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Wednesday's Post
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    Microsoft Fights Back

    By Rajiv Chandrasekaran
    Washington Post Staff Writer
    Wednesday, October 21, 1998; Page A01

    Microsoft Corp. ridiculed the government's antitrust case against it yesterday, telling a federal judge that the Justice Department is trying to "demonize" the software giant's billionaire chairman, Bill Gates, to prop up arguments that are "short on substance." Company lawyers then set out to pick apart the testimony of the government's star witness, who, they suggested, urged Justice to sue Microsoft so his own company would get a market advantage.

    In his opening statement in the historic antitrust trial, lead Microsoft attorney John L. Warden compared antitrust regulators to 19th-century "Luddites" who smashed labor-saving machines "to arrest the march of progress driven by science and technology." The government's case "is a repudiation of the basic principle in our society that creative commercial activity should be encouraged and rewarded," he said.

    Warden heaped particular scorn upon government lawyers for focusing much of their opening arguments Monday on claims that Gates was a ringleader in Microsoft's alleged efforts to illegally crush competition in the technology industry. "The effort to demonize Bill Gates . . . wrongly characterizes evidence of tough competition as proof of anti-competitive conduct," Warden said in a nearly two-hour statement summarizing the company's defense.

    "A personal attack on a man whose vision and innovation have been at the core of the benefits that people are reaping from the information age is no substitute for proof of anti-competitive conduct," Warden said.

    Warden's words, coming on day two of the trial, were the company's first formal courtroom response to the antitrust allegations that the Justice Department and 20 states made against it in suits filed in May. Although he gave few previews of the evidence Microsoft will present, he indicated that the company will attempt to rebut every allegation, particularly that it is a monopoly, a key contention of the government's case.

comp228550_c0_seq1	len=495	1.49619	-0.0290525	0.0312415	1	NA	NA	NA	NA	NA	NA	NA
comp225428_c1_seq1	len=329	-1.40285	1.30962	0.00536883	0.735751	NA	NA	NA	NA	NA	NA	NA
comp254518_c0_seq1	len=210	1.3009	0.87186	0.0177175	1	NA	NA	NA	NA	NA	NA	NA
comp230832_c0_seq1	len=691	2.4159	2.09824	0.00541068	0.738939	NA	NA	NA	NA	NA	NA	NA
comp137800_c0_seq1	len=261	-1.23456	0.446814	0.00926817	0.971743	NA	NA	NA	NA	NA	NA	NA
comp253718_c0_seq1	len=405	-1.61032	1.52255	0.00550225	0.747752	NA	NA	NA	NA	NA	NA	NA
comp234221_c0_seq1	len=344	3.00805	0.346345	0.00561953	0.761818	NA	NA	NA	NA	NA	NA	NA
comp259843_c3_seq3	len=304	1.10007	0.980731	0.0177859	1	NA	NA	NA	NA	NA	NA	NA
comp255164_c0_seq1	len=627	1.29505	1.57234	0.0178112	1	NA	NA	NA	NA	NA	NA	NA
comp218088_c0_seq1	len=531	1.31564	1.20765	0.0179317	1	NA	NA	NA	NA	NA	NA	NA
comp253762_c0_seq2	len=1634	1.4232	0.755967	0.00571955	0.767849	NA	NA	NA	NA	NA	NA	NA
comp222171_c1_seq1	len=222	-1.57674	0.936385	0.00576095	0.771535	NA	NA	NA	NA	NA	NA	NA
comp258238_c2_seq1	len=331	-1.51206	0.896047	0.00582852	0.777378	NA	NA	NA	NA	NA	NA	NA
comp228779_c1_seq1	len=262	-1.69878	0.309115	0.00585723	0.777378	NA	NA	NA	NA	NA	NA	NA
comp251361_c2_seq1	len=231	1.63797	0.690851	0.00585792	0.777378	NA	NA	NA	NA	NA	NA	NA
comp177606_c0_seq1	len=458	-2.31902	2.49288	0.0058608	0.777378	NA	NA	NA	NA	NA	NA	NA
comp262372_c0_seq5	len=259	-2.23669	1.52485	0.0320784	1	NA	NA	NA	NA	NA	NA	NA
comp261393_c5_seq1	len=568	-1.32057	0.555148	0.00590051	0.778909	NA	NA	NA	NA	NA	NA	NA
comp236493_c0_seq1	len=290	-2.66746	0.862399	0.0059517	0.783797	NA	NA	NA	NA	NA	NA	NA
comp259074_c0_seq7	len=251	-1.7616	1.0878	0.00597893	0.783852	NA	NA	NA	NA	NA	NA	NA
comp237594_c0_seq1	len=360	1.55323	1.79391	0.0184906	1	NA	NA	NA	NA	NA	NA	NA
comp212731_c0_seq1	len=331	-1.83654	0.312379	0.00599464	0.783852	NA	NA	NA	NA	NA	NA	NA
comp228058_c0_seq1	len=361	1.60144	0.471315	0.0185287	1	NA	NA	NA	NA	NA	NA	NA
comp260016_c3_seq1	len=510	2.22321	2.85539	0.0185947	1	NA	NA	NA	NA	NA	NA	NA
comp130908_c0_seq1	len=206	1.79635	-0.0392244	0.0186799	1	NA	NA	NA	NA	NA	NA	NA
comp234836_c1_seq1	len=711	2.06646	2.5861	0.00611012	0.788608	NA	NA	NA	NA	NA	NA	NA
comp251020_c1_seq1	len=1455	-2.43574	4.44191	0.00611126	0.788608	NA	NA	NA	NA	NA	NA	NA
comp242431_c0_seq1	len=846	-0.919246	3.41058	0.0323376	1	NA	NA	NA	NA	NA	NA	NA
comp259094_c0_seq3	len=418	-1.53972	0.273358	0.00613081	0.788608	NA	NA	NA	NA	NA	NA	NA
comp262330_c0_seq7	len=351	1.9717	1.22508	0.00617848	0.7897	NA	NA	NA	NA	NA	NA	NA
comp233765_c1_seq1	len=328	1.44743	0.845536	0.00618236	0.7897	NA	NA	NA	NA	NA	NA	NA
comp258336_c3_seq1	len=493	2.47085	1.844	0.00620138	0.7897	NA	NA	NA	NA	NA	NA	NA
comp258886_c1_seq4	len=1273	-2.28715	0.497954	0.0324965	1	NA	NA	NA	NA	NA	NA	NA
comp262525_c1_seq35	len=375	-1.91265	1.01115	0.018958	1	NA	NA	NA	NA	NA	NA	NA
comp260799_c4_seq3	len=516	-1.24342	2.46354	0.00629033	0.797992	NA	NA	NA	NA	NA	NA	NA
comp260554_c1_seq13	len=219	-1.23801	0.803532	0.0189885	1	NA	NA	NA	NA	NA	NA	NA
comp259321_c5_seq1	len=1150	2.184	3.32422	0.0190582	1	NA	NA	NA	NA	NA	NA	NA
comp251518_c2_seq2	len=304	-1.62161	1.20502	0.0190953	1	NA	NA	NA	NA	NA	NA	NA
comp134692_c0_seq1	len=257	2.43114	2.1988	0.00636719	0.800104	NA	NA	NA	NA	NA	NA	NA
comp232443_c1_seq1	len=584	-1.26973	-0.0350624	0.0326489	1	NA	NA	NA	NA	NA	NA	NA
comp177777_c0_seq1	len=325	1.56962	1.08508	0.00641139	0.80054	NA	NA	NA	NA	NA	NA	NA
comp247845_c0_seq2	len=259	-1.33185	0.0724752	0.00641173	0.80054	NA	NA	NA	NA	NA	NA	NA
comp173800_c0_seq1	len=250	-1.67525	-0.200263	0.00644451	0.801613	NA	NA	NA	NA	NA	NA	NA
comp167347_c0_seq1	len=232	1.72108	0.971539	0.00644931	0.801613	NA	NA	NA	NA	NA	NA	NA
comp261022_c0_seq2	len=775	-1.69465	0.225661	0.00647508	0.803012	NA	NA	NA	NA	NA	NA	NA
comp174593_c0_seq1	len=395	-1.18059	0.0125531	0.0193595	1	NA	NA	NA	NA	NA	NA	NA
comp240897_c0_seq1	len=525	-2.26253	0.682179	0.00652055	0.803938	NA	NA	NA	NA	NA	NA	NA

Netscape CEO
    Barksdale arrives at court Wed. (AP)
    After a break for lunch, the government called its first and potentially most important witness, James L. Barksdale, chief executive of Netscape Communications Corp. With a courtroom packed with journalists, stock market analysts and company officials hanging on every word, Warden stepped to the stand and lit into Barksdale, whose company he had earlier called "the government's ward."

    "Isn't it true that pressing the government's actions against Microsoft was a key element of your [business] strategy?" Warden asked Barksdale, showing him a copy of an internal Netscape planning document that said, in part: "DOJ [Department of Justice] and court actions create opportunity for Netscape."

    "I wouldn't say it was a key element," Barksdale shot back. "I always regarded it as a sideline to other things we were doing."

    Under this questioning, Barksdale acknowledged that he had at least six meetings with Justice Department lawyers before the lawsuit was filed in May, including three conversations with Justice's antitrust chief, Joel I. Klein. For one of those meetings, Klein visited Barksdale's house in Palo Alto, Calif., for breakfast, Barksdale said.

    Regulators allege that Microsoft, the world's largest software company, has violated U.S. antitrust laws by engaging in a pattern of illegal acts designed to dominate the market for Internet "browsing" software and to protect the monopoly of its popular Windows operating system for personal computers.

    The government contends that Microsoft tried to persuade rival Netscape to stay out of the market for browsing software that would work on Windows 95 computers, and when it refused, set out on a path to "cut off Netscape's air supply" by signing exclusive deals with personal computer makers, Internet service providers and World Wide Web site developers. Government lawyers also allege that Microsoft threatened and bullied other technology firms, including Intel Corp. and Apple Computer Inc., in an effort to squash Netscape.

    In his opening statement, Warden argued that Microsoft is not a monopoly because, unlike traditional heavy-goods manufacturers, companies that want to enter the software business face few "barriers to entry."

    "There are no factories to build, no mineral deposits to locate," the dapper Warden said in a Midwestern drawl. The only assets required to develop software, Warden said, are "human brains and the capital to support those human brains." He said supplies of both "are freely and abundantly available."